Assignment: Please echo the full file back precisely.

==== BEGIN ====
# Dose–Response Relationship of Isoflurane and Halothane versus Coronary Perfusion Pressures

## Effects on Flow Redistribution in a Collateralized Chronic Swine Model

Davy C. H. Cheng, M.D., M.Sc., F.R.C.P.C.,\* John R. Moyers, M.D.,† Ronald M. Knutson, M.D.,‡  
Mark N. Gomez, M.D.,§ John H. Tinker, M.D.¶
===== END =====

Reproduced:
# Dose–Response Relationship of Isoflurane and Halothane versus Coronary Perfusion Pressures

## Effects on Flow Redistribution in a Collateralized Chronic Swine Model

Davy C. H. Cheng, M.D., M.Sc., F.R.C.P.C.,\* John R. Moyers, M.D.,† Ronald M. Knutson, M.D.,‡  
Mark N. Gomez, M.D.,§ John H. Tinker, M.D.¶